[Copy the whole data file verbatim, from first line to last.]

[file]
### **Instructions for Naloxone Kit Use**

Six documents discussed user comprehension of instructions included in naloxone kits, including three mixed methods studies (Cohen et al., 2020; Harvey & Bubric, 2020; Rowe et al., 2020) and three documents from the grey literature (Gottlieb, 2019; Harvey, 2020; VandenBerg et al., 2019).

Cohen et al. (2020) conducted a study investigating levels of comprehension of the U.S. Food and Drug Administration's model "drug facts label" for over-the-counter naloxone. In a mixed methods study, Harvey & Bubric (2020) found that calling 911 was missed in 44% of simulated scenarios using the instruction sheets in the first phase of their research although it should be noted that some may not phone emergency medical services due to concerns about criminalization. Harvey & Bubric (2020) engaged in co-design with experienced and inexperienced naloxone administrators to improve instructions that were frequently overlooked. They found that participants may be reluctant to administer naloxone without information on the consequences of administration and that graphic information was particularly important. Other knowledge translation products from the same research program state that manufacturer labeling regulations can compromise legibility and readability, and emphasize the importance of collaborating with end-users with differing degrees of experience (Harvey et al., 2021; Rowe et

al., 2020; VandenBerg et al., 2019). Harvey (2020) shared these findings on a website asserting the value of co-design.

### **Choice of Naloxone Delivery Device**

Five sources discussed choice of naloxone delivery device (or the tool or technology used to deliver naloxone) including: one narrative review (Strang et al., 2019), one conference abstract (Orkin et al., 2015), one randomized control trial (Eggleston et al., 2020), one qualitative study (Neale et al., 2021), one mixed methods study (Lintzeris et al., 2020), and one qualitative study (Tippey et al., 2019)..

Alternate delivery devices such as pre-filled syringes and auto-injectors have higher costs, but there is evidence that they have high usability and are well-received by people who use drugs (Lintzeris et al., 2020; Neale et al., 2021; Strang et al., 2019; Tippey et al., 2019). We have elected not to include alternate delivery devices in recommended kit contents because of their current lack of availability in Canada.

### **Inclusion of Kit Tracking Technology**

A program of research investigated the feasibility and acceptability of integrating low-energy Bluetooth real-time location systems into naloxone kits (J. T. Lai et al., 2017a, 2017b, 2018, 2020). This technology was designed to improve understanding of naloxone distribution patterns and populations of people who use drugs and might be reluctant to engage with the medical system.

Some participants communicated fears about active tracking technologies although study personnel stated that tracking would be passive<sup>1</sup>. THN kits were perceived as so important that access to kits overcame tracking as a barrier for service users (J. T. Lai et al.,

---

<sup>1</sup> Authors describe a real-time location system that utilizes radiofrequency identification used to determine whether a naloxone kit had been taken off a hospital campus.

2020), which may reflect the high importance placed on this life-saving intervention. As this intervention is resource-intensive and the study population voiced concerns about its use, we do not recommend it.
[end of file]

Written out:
### **Instructions for Naloxone Kit Use**

Six documents discussed user comprehension of instructions included in naloxone kits, including three mixed methods studies (Cohen et al., 2020; Harvey & Bubric, 2020; Rowe et al., 2020) and three documents from the grey literature (Gottlieb, 2019; Harvey, 2020; VandenBerg et al., 2019).

Cohen et al. (2020) conducted a study investigating levels of comprehension of the U.S. Food and Drug Administration's model "drug facts label" for over-the-counter naloxone. In a mixed methods study, Harvey & Bubric (2020) found that calling 911 was missed in 44% of simulated scenarios using the instruction sheets in the first phase of their research although it should be noted that some may not phone emergency medical services due to concerns about criminalization. Harvey & Bubric (2020) engaged in co-design with experienced and inexperienced naloxone administrators to improve instructions that were frequently overlooked. They found that participants may be reluctant to administer naloxone without information on the consequences of administration and that graphic information was particularly important. Other knowledge translation products from the same research program state that manufacturer labeling regulations can compromise legibility and readability, and emphasize the importance of collaborating with end-users with differing degrees of experience (Harvey et al., 2021; Rowe et

al., 2020; VandenBerg et al., 2019). Harvey (2020) shared these findings on a website asserting the value of co-design.

### **Choice of Naloxone Delivery Device**

Five sources discussed choice of naloxone delivery device (or the tool or technology used to deliver naloxone) including: one narrative review (Strang et al., 2019), one conference abstract (Orkin et al., 2015), one randomized control trial (Eggleston et al., 2020), one qualitative study (Neale et al., 2021), one mixed methods study (Lintzeris et al., 2020), and one qualitative study (Tippey et al., 2019)..

Alternate delivery devices such as pre-filled syringes and auto-injectors have higher costs, but there is evidence that they have high usability and are well-received by people who use drugs (Lintzeris et al., 2020; Neale et al., 2021; Strang et al., 2019; Tippey et al., 2019). We have elected not to include alternate delivery devices in recommended kit contents because of their current lack of availability in Canada.

### **Inclusion of Kit Tracking Technology**

A program of research investigated the feasibility and acceptability of integrating low-energy Bluetooth real-time location systems into naloxone kits (J. T. Lai et al., 2017a, 2017b, 2018, 2020). This technology was designed to improve understanding of naloxone distribution patterns and populations of people who use drugs and might be reluctant to engage with the medical system.

Some participants communicated fears about active tracking technologies although study personnel stated that tracking would be passive<sup>1</sup>. THN kits were perceived as so important that access to kits overcame tracking as a barrier for service users (J. T. Lai et al.,

---

<sup>1</sup> Authors describe a real-time location system that utilizes radiofrequency identification used to determine whether a naloxone kit had been taken off a hospital campus.

2020), which may reflect the high importance placed on this life-saving intervention. As this intervention is resource-intensive and the study population voiced concerns about its use, we do not recommend it.